For over two decades, until the economic crisis in mid-1997, Malaysia’s rapid economic growth attracted an influx of foreign labour, mostly from Indonesia, Bangladesh, and the Philippines. In 1997 the number of registered workers was estimated at 1.2 million and undocumented ones at approximately 800,000. The influx created various problems, of which housing is one of the most serious, especially in the Kelang Valley. This paper examines the ways and means which Indonesian workers, the largest group among the foreigners, overcame their accommodation problem. Two types of settlements are identified, that is, illegal ones in the squatter areas and legal ones, which are largely in Malay Reservation Areas. The settlements, which signify Indonesians' success in finding a foothold in Malaysia, today have become a base for more in-migration.
  • Singapore's Economic Internationalization and Its Effects on Work and Family, by Audrey Chia, contributor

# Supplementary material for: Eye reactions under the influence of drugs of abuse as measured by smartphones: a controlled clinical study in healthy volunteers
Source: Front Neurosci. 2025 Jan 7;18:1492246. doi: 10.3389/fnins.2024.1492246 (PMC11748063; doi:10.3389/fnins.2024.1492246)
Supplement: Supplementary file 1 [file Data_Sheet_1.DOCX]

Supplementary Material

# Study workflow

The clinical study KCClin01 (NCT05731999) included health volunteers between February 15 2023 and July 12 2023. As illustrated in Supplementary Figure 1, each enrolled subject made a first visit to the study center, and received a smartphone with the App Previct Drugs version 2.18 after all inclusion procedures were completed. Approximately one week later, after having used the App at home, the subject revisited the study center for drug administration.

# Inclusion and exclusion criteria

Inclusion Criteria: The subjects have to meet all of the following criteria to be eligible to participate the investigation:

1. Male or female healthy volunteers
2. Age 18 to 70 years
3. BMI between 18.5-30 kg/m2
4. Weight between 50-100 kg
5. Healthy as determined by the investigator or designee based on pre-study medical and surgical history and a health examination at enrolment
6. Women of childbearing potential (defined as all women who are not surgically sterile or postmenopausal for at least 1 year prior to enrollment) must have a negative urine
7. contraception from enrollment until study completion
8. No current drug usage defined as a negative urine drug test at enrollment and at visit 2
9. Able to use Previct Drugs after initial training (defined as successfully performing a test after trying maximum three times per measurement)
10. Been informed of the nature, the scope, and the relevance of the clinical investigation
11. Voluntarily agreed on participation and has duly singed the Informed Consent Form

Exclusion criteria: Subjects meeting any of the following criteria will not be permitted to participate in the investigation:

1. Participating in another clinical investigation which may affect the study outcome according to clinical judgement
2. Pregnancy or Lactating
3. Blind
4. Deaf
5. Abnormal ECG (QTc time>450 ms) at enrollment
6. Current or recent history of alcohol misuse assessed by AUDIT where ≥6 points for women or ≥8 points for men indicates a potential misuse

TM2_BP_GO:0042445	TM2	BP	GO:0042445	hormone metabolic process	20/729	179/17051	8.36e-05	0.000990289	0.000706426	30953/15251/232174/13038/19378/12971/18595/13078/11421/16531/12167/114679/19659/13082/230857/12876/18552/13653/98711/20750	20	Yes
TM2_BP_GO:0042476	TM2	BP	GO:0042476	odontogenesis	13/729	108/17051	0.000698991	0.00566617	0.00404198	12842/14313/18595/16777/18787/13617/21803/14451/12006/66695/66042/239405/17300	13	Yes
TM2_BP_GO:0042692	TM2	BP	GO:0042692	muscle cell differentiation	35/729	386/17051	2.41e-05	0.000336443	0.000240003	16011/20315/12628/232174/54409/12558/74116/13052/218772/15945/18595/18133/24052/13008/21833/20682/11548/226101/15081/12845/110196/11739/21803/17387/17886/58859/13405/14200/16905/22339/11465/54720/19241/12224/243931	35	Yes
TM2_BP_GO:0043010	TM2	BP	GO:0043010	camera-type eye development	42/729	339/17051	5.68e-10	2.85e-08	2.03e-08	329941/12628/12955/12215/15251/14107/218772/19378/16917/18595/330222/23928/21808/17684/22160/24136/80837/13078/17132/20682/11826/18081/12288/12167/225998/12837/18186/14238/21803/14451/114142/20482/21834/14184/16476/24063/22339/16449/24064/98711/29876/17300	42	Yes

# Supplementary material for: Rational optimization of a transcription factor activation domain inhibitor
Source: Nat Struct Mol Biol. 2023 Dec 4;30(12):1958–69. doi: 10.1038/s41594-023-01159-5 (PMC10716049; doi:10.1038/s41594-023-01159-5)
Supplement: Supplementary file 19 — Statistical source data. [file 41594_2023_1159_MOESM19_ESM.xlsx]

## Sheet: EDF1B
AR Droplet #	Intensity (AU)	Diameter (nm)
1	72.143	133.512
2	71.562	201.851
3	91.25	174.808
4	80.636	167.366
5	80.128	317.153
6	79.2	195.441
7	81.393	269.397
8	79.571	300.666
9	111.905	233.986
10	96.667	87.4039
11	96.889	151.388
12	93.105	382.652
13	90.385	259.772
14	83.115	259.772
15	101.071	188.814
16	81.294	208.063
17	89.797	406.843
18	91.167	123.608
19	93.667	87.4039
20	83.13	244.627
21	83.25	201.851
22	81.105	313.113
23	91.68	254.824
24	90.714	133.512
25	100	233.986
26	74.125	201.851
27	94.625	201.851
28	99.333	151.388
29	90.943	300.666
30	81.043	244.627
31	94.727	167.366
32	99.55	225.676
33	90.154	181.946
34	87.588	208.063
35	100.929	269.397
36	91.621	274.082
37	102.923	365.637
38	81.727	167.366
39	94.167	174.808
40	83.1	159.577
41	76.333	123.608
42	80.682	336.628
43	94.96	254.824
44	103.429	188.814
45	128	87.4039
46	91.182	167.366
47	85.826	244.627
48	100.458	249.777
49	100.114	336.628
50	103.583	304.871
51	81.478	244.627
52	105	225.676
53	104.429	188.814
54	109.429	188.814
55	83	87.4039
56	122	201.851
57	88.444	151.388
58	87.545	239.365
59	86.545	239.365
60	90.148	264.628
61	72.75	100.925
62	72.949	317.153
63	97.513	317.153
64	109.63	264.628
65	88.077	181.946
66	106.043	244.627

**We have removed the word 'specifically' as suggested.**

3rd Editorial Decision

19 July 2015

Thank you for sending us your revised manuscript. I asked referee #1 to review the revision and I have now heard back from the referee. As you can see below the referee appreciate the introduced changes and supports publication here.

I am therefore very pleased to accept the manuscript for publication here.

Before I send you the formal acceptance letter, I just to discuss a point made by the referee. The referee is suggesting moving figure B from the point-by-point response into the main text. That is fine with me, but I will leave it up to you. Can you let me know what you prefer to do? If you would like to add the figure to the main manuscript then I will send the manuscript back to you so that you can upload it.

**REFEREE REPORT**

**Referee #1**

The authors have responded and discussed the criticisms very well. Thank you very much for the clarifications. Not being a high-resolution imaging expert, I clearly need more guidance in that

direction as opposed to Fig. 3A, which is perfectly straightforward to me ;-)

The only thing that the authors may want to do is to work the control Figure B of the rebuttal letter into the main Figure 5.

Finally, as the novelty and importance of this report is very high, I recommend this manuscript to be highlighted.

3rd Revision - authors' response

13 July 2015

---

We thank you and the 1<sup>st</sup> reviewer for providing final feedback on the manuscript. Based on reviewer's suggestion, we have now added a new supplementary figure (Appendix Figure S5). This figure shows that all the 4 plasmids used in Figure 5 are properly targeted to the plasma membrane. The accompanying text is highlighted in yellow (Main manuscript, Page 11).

There are tensions between Singapore’s economic strategy of internationalization and the emphasis on family life. Frequent travelers, unaccompanied expatriates, and their families experience these tensions. The frequent or extended absences of frequent travelers and expatriates make it difficult for them to fulfill their family roles and obligations, and may lead to estrangement from their families. Families who are left behind may face role conflict and role strain, but actually draw closer in their efforts to cope with the absence of their absent members. Re-searchers, policy-makers, and employers can contribute towards re-ducing the tensions between internationalization and family together-ness.
  • BOOK REVIEW: Whose Place Is This: Malay Rubber Producers and Thai Government Officials in Yala. By Andrew Cornish, by Michael J Montesano, contributor
  • BOOK REVIEW: Explorations in Social Theory and Philippine Ethnology. By Raul Pertierra, by Frank Hirtz, contributor
  • BOOK REVIEW: Outward Appearances: Dressing State and Society in Indonesia By Henk S Nordholt, by Fiona Kerlogue, contributor
  • BOOK REVIEW: Rituals of National Loyalty: An Anthropology of the State and the Village Scout Movement in Thailand. By Katherine A. Bowie, by Thanet Aphornsuvan, contributor